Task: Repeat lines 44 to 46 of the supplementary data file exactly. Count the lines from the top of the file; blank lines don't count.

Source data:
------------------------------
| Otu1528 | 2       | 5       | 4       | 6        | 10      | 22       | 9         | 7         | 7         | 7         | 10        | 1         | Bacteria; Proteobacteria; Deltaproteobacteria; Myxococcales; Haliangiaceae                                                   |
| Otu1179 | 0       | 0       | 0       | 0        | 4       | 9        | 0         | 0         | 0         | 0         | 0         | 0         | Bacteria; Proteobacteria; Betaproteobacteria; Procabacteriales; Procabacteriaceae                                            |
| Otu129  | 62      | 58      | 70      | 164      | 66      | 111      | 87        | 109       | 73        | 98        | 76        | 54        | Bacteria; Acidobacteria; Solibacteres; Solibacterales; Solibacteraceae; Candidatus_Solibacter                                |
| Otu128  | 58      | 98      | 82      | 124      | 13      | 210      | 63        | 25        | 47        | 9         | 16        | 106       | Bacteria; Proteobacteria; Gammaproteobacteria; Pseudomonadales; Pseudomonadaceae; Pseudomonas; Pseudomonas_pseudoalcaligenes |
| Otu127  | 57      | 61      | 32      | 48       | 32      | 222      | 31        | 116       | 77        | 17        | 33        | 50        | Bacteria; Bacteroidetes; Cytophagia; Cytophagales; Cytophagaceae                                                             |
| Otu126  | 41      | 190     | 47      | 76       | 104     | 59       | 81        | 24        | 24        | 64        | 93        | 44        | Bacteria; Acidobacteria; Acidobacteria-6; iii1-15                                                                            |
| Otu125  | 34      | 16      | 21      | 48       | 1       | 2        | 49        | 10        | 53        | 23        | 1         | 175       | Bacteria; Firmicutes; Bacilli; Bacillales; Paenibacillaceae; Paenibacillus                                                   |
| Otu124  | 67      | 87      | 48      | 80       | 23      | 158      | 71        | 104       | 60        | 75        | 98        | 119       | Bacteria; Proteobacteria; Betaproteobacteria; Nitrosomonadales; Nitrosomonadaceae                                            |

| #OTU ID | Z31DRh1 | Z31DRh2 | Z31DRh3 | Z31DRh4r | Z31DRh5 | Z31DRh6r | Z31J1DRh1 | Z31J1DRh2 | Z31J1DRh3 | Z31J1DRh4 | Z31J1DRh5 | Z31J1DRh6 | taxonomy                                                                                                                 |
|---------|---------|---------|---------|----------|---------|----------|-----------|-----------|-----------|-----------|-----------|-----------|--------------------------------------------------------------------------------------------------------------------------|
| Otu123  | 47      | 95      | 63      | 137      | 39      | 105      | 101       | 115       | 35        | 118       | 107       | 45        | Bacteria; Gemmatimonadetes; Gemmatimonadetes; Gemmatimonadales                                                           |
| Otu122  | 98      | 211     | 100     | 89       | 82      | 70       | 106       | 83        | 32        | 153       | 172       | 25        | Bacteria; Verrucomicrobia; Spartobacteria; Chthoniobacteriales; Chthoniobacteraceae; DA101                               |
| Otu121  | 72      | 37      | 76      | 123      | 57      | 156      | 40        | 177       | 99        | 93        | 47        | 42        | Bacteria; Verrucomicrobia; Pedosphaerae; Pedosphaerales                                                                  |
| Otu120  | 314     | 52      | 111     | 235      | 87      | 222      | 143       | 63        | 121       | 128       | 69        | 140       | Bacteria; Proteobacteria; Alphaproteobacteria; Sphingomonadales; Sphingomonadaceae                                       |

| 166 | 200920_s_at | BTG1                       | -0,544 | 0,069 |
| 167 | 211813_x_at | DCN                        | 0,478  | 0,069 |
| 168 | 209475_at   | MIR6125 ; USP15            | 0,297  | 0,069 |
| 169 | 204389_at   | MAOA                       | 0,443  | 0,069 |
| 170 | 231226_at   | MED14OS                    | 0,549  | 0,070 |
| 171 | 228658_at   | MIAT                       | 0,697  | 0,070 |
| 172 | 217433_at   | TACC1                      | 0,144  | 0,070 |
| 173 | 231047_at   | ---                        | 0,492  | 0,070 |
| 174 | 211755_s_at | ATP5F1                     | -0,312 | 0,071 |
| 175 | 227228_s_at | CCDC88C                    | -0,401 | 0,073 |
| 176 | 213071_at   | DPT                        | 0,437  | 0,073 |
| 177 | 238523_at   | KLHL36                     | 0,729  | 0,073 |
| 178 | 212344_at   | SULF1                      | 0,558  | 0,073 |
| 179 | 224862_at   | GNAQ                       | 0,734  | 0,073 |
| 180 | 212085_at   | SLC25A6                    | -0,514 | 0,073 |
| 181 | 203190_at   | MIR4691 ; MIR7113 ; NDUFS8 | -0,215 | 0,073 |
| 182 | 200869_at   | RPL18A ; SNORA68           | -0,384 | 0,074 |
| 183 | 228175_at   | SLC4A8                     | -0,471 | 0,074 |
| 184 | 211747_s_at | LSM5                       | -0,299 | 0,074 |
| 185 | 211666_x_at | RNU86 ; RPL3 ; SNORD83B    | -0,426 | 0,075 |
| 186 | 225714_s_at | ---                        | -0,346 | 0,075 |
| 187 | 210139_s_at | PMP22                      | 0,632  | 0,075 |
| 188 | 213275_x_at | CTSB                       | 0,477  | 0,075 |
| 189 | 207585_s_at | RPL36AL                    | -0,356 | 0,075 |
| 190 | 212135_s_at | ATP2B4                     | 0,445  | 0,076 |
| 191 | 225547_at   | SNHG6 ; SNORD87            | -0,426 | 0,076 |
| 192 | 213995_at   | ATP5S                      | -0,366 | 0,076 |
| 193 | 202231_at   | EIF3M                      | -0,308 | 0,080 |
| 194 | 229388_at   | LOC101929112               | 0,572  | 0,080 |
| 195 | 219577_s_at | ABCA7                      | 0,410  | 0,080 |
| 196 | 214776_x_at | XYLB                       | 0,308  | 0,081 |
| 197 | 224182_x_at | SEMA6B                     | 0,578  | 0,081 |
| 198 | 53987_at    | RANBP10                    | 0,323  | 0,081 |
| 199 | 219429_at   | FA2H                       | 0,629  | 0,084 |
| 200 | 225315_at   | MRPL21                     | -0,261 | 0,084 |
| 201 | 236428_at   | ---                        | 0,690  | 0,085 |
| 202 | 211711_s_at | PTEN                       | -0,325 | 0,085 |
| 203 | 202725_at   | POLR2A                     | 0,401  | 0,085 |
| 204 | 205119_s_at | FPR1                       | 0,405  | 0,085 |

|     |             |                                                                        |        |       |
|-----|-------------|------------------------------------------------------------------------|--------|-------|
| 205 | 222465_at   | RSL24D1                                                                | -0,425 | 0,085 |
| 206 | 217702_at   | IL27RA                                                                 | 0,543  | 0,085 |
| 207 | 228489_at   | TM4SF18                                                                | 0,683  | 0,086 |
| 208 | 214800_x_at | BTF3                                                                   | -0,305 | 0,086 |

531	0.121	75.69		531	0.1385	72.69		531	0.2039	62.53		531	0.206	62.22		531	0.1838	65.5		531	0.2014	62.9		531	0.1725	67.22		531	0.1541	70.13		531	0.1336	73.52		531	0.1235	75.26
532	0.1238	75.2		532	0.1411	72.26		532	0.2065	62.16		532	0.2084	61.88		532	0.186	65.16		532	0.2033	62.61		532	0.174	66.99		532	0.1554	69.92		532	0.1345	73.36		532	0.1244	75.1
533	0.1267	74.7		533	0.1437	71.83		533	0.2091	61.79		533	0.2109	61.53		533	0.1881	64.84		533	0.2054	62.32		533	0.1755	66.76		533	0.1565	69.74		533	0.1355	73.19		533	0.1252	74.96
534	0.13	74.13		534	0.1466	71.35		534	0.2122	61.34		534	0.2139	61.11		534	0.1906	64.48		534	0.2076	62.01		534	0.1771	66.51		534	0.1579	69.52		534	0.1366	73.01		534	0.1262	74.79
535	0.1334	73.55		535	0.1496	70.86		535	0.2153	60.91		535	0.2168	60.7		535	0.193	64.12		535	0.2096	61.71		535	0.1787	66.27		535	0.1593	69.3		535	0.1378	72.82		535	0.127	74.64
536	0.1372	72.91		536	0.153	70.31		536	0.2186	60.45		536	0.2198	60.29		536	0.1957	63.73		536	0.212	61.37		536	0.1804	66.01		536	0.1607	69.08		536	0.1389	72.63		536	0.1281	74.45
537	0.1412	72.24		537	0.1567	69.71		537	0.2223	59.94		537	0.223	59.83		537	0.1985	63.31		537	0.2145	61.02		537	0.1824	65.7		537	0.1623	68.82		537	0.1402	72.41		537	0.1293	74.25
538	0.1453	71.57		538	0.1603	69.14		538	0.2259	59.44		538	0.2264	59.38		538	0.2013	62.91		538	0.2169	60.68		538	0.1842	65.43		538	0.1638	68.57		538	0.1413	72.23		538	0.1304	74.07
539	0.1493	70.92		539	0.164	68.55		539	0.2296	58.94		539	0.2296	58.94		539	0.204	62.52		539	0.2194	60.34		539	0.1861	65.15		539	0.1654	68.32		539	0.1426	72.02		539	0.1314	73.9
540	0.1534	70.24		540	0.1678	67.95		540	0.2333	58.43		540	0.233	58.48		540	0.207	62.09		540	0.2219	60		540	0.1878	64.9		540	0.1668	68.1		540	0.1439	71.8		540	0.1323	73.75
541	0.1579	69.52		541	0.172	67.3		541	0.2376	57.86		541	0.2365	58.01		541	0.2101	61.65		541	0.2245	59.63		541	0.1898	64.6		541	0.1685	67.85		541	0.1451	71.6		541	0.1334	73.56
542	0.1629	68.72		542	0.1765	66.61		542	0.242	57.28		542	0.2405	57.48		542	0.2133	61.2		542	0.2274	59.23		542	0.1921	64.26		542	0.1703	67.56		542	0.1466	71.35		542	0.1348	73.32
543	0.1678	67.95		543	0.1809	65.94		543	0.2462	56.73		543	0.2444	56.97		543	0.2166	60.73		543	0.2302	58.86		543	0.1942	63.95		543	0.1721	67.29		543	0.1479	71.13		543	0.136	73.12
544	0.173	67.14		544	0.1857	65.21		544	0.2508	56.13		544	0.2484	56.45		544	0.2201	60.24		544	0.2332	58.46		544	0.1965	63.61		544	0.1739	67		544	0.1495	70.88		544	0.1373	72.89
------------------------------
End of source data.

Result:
| 195 | 219577_s_at | ABCA7                      | 0,410  | 0,080 |
| 196 | 214776_x_at | XYLB                       | 0,308  | 0,081 |
| 197 | 224182_x_at | SEMA6B                     | 0,578  | 0,081 |